# Derivation of Doppler Shift from Frequency to Wavelenght

1. Aug 30, 2009

### IBY

1. The problem statement, all variables and given/known data

Derive the doppler shift equation from the equation in terms of frequency to one in terms of wavelenght. Clues: frequency=c/lamda, use Taylor's expansion, velocity of source is much smaller than velocity of wave.

c-velocity of wave
v-velocity of source
f-frequency
lambda-wavelenght

2. Relevant equations

Doppler shift in terms of frequency
$$f'=f(1+\frac{v}{c}cos \theta)$$
Relationship between wavelenght and frequency
$$\lambda=\frac{c}{f}$$
Taylor's expansion
$$\sum_{n=0}^2 \frac{f'^n(f(1+\frac{v}{c}cos \theta)}{n!}x^n$$

3. The attempt at a solution
I used the wavelenght-frequency relationship equation in order to substitue for f in the doppler frequency equation to get:

$$\frac{c}{\lambda'}=\frac{c}{\lambda}(1+\frac{v}{c}cos \theta)$$

$$\frac{c}{\lambda'}=\frac{c}{\lambda}+\frac{c}{\lambda}\frac{v}{c}cos \theta$$

$$\frac{c}{\lambda'}=\frac{c}{\lambda}+\frac{v}{\lambda}cos \theta$$

$$\lambda'=\frac{c}{\frac{c}{\lambda}+\frac{v}{\lambda}cos \theta}$$

$$\lambda'=\lambda+\frac{\lambda c}{v cos\theta}$$

I used Taylor's expansion to the second degree, and I got:

$$\lambda'=\frac{\lambda c}{2v}x^2+{\lambda+\frac{\lambda c}{v}$$

I small angle approximate, so x^2=sin^2 (theta), use trig id to get sin^2 (theta)=1-cos^2 (theta)

$$\lambda'=\frac{\lambda c}{2v}-\frac{\lambda c}{2v}cos^2 \theta+\lambda+\frac{\lambda c}{v}$$

$$\lambda'=\frac{3\lambda c}{2v}-\frac{\lambda c}{2v}cos^2 \theta+\lambda$$

And now, I am dead in the water.

Last edited: Aug 30, 2009
2. Aug 30, 2009

### gabbagabbahey

You might want to double check this step

3. Aug 30, 2009

### IBY

@gabbagabbahey
I don't see it. If one divides by fraction, aren't you supposed to multiply with the bottom part reciprocated?

4. Aug 30, 2009

### gabbagabbahey

$$\frac{A}{A+B}\neq1+\frac{A}{B}$$

You can't divide up the denominator in this manner

5. Aug 30, 2009

### IBY

If so, then I use Taylor's expansion on this?

$$\lambda'=\frac{\lambda c}{c+vcos \theta}$$

6. Aug 30, 2009

### gabbagabbahey

I would divide both the denominator and numerator by $c$ first:

$$\lambda'=\frac{\lambda}{1+\frac{v}{c}\cos\theta}=\lambda\left(1+\frac{v}{c}\cos\theta\right)^{-1}$$

The reason you want to do this is because you know $v\ll c$, so $\frac{v}{c}\cos\theta$ will be a small number and you are left trying to Taylor expand $(1+\text{small number})^{-1}$ which you can do easily.

7. Aug 30, 2009

### IBY

Okay, one last fact checking (hopefully) before I go away for good.

So there is:

$$\lambda(1+\frac{v}{c}cos \theta)^{-1}$$

I derive it:

$$\lambda \frac{v}{c}sin \theta(1+\frac{v}{c}cos \theta)^{-2}x$$

I do it again, use the multiplication rule:

$$(\lambda (\frac{v}{c})^{2}sin^2 \theta(1+\frac{v}{c}cos \theta)^{-3}+\frac{\lambda \frac{v}{c}cos \theta(1+\frac{v}{c}cos \theta)^{-2}}{2})x^2$$

Small number, so sin of theta is zero and cos of theta is 1, x=sin so including all of the equation above, I am left with:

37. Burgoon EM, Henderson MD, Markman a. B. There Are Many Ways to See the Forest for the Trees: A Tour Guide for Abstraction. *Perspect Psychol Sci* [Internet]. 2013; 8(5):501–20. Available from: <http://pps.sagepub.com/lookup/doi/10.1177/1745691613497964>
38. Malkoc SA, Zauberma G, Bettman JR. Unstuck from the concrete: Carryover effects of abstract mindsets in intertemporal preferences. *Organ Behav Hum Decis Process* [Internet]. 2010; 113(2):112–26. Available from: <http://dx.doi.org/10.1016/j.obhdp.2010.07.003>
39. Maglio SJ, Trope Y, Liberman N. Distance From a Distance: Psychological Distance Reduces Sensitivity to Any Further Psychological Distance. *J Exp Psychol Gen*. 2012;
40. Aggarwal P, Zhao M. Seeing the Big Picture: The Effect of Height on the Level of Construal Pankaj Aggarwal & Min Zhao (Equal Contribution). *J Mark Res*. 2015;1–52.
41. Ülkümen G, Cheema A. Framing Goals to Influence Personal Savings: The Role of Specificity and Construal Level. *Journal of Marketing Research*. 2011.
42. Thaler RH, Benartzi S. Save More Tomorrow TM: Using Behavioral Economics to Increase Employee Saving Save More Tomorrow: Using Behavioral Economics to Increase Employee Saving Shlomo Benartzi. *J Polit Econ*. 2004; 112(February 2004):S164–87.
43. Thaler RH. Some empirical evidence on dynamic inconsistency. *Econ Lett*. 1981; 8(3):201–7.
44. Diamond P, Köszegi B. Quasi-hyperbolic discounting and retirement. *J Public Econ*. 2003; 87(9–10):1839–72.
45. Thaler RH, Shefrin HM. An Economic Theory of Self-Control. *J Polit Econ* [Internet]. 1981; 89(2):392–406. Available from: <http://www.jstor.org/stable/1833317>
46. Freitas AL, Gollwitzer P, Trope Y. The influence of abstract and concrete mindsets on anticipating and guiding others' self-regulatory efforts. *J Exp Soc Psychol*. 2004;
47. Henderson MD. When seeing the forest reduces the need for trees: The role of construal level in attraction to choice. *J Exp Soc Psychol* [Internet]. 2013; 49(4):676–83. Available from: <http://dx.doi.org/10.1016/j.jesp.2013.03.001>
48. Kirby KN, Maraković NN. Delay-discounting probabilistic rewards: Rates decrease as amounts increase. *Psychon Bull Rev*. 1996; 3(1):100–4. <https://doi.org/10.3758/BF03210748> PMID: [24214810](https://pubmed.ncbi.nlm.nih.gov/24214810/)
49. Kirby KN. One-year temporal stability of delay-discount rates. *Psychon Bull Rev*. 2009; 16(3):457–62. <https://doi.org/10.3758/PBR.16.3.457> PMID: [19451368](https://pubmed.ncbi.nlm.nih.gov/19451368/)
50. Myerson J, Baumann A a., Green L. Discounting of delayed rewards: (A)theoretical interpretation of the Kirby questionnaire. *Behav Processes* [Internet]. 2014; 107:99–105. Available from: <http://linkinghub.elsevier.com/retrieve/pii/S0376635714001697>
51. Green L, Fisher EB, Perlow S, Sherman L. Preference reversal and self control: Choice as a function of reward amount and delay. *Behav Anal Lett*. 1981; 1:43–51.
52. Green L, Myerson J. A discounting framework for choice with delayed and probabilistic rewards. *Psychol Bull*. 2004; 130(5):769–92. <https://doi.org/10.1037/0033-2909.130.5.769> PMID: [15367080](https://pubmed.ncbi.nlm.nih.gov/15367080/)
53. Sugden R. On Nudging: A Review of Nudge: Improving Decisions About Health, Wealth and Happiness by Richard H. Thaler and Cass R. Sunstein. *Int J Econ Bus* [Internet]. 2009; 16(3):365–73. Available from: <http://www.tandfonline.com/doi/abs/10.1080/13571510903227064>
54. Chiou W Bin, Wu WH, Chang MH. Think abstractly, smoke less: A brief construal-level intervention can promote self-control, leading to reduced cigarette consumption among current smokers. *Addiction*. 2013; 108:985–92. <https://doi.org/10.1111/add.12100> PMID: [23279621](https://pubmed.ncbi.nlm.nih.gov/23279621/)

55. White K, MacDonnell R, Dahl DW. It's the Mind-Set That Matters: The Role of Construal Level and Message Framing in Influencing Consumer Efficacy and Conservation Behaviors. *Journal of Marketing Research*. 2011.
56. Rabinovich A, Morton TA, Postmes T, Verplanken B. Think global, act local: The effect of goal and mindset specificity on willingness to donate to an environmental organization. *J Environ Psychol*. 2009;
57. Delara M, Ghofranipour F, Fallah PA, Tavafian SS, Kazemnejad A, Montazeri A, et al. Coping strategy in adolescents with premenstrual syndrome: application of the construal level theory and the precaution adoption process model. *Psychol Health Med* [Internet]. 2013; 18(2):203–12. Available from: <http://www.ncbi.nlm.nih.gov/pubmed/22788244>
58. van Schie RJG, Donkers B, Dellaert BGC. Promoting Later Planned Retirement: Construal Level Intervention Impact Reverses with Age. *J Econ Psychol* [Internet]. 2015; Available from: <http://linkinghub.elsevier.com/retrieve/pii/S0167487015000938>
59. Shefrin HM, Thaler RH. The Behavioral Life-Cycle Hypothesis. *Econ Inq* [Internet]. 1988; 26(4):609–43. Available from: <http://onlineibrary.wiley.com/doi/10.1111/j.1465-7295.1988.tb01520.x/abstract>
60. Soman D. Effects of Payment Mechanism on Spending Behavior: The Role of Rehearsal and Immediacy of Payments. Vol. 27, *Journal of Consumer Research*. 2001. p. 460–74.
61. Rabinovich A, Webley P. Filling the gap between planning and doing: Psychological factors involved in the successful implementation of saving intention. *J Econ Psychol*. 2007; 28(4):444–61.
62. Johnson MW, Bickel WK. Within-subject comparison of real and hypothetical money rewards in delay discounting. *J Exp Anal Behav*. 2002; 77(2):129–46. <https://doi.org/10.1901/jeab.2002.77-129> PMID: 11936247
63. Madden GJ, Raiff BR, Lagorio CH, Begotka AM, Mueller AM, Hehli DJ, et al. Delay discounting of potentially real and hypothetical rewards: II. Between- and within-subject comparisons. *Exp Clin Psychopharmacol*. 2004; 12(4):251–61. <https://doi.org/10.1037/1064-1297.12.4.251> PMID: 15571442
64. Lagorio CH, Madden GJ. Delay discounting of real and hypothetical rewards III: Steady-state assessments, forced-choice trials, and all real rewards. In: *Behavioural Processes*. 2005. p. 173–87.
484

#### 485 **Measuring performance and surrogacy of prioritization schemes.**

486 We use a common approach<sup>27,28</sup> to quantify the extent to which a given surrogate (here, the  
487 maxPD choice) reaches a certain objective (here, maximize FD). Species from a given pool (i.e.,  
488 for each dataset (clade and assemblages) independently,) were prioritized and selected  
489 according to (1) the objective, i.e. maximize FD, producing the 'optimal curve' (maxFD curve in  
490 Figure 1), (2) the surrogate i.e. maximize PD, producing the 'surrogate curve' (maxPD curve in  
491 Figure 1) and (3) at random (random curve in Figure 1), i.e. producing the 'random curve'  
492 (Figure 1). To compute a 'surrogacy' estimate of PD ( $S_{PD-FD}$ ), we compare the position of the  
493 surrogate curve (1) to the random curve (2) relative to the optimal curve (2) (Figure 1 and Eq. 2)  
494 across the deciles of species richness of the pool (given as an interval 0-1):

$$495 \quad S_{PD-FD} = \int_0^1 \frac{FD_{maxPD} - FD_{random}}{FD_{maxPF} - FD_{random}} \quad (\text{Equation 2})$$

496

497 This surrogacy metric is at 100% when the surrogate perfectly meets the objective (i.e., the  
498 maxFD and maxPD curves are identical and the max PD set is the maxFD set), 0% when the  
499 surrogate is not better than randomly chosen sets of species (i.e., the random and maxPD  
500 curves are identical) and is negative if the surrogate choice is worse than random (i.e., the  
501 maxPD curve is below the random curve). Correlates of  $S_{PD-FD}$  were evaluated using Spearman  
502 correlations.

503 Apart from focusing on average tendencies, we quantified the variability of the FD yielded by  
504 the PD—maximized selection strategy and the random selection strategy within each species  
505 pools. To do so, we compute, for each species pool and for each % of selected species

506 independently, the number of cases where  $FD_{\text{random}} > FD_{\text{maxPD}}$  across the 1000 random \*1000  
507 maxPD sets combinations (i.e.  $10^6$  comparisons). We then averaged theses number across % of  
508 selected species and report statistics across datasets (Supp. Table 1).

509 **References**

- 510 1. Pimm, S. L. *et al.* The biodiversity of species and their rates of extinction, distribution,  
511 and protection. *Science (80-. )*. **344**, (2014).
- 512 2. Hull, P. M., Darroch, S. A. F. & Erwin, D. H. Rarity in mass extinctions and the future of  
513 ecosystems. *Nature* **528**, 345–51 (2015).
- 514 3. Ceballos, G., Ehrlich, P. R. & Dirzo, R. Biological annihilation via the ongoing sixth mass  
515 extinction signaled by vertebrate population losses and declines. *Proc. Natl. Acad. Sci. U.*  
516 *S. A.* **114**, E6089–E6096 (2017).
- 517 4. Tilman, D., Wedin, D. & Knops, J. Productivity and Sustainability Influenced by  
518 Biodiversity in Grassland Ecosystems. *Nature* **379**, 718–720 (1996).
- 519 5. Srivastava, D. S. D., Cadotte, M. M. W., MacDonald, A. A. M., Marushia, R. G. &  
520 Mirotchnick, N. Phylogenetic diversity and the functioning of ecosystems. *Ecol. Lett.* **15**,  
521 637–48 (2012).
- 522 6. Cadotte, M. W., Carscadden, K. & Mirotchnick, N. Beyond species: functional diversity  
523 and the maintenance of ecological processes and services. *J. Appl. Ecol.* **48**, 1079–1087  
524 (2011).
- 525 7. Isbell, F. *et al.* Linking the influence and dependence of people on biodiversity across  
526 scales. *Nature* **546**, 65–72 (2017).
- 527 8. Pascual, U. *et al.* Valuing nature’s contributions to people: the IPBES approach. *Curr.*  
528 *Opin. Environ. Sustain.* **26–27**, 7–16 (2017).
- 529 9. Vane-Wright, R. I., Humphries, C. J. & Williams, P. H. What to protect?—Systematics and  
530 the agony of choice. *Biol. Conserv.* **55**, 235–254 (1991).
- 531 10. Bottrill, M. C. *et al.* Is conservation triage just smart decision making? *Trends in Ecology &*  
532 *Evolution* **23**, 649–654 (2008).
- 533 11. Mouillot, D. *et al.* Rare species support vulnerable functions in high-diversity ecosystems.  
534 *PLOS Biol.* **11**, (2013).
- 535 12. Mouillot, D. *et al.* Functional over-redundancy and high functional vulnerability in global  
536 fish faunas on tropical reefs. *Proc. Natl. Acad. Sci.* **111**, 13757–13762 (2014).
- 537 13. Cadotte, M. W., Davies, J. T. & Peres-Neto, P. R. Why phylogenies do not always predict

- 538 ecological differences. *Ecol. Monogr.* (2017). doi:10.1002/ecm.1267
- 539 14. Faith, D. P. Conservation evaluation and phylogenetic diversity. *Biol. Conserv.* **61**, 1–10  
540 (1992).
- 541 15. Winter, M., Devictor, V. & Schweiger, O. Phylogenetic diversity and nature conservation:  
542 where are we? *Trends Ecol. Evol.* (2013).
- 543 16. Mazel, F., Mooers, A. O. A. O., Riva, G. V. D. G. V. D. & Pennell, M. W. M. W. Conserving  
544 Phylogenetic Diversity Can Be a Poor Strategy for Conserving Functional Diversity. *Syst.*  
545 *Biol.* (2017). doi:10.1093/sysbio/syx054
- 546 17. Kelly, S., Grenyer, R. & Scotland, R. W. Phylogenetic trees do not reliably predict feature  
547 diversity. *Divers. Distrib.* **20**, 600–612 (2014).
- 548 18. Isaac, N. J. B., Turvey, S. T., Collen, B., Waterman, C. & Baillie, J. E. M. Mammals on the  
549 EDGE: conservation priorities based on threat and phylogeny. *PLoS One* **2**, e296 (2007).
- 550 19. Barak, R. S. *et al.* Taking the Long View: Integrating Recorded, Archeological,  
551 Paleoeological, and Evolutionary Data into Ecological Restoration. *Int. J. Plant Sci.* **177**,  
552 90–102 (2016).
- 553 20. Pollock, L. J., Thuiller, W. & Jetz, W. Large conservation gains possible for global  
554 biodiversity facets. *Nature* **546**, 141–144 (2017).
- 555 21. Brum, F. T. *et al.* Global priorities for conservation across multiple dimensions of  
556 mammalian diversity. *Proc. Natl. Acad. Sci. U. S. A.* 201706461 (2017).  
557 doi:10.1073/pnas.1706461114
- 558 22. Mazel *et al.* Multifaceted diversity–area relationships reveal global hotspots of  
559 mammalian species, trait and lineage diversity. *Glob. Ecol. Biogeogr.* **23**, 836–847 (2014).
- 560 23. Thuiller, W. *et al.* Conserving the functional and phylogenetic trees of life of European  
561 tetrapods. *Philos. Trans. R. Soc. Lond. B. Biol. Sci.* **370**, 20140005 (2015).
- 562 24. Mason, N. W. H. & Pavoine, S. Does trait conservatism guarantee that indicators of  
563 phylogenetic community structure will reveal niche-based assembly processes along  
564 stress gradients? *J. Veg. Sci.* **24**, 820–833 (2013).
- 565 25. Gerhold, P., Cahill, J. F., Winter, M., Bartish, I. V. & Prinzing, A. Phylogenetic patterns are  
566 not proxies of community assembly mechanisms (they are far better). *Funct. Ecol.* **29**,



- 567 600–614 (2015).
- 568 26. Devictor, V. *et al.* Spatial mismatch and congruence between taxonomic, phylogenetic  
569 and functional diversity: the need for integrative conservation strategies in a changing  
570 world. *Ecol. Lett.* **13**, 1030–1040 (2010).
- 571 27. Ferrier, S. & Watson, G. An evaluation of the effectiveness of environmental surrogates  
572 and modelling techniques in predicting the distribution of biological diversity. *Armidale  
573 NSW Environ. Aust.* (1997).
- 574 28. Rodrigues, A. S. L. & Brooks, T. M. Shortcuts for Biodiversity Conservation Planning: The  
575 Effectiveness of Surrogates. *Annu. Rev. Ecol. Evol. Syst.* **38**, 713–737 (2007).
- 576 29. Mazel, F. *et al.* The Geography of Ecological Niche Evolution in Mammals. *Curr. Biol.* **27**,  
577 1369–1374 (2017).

$$(\frac{\lambda \frac{v}{c}(1+\frac{v}{c})^{-2}}{2})sin^2 \theta+\lambda(1+\frac{v}{c})^{-1}$$

Trig id sin^2 theta is 1-cos^2 theta

$$(\frac{\lambda \frac{v}{c}(1+\frac{v}{c})^{-2}}{2})(1-cos^2 \theta)+\lambda(1+\frac{v}{c})^{-1}$$

For some reason, I feel like I went into a dead end.

8. Aug 30, 2009

### gabbagabbahey

Huh?! With respect to what variable are you taking the derivative and why? Also, what is $x$ in the above equation?

9. Aug 30, 2009

### IBY

Hhhmm
Evidently, I made the mistaken assumption that the "theta" was the variable. Probably, I am making this more complicated than it is supposed to be.

10. Aug 30, 2009

### gabbagabbahey

Well, if you have some function $f(x)$ and $x$ is small, then $f(x)\approx f(0)+f'(0)x$ right?

You know that the quantity $\frac{v}{c}\cos\theta$ is small, so why not call that quantity $x$?

When you do that, you have $\lambda'=\lambda(1+x)^{-1}$ right? So define the function $f(x)=(1+x)^{-1}$ and expand about small 'x'...make sense?

The reason you don't want to use $\theta$ as your variable is because you don't know that $\theta$ is small, so you would need to keep all terms in the Taylor expansion, which doesn't help you at all.

11. Aug 30, 2009

### IBY

Okay, I think I got it. After I expanded it, I got:

$$\lambda'=\lambda(1+x)^{-1}-\lambda(1+x)^{-2}+\frac{2\lambda(1+x)^{-3}}{2}$$

x is small, so it is around 0

$$\lambda'=\lambda-\lambda x+\lambda x^2$$

x is v cos (theta)/lambda

$$\lambda'=\lambda-\lambda\frac{v}{c}cos \theta+\lambda(\frac{v}{c}cos \theta)^2$$

Well, it turns out I only need the first order expansion in order to get a parallel equation with wavelenght:

$$\lambda'=\lambda(1-\frac{v}{c}cos \theta)$$

So, I think I got it! Thanks for the help.

Last edited: Aug 30, 2009
12. Aug 30, 2009

### gabbagabbahey

Looks good to me!

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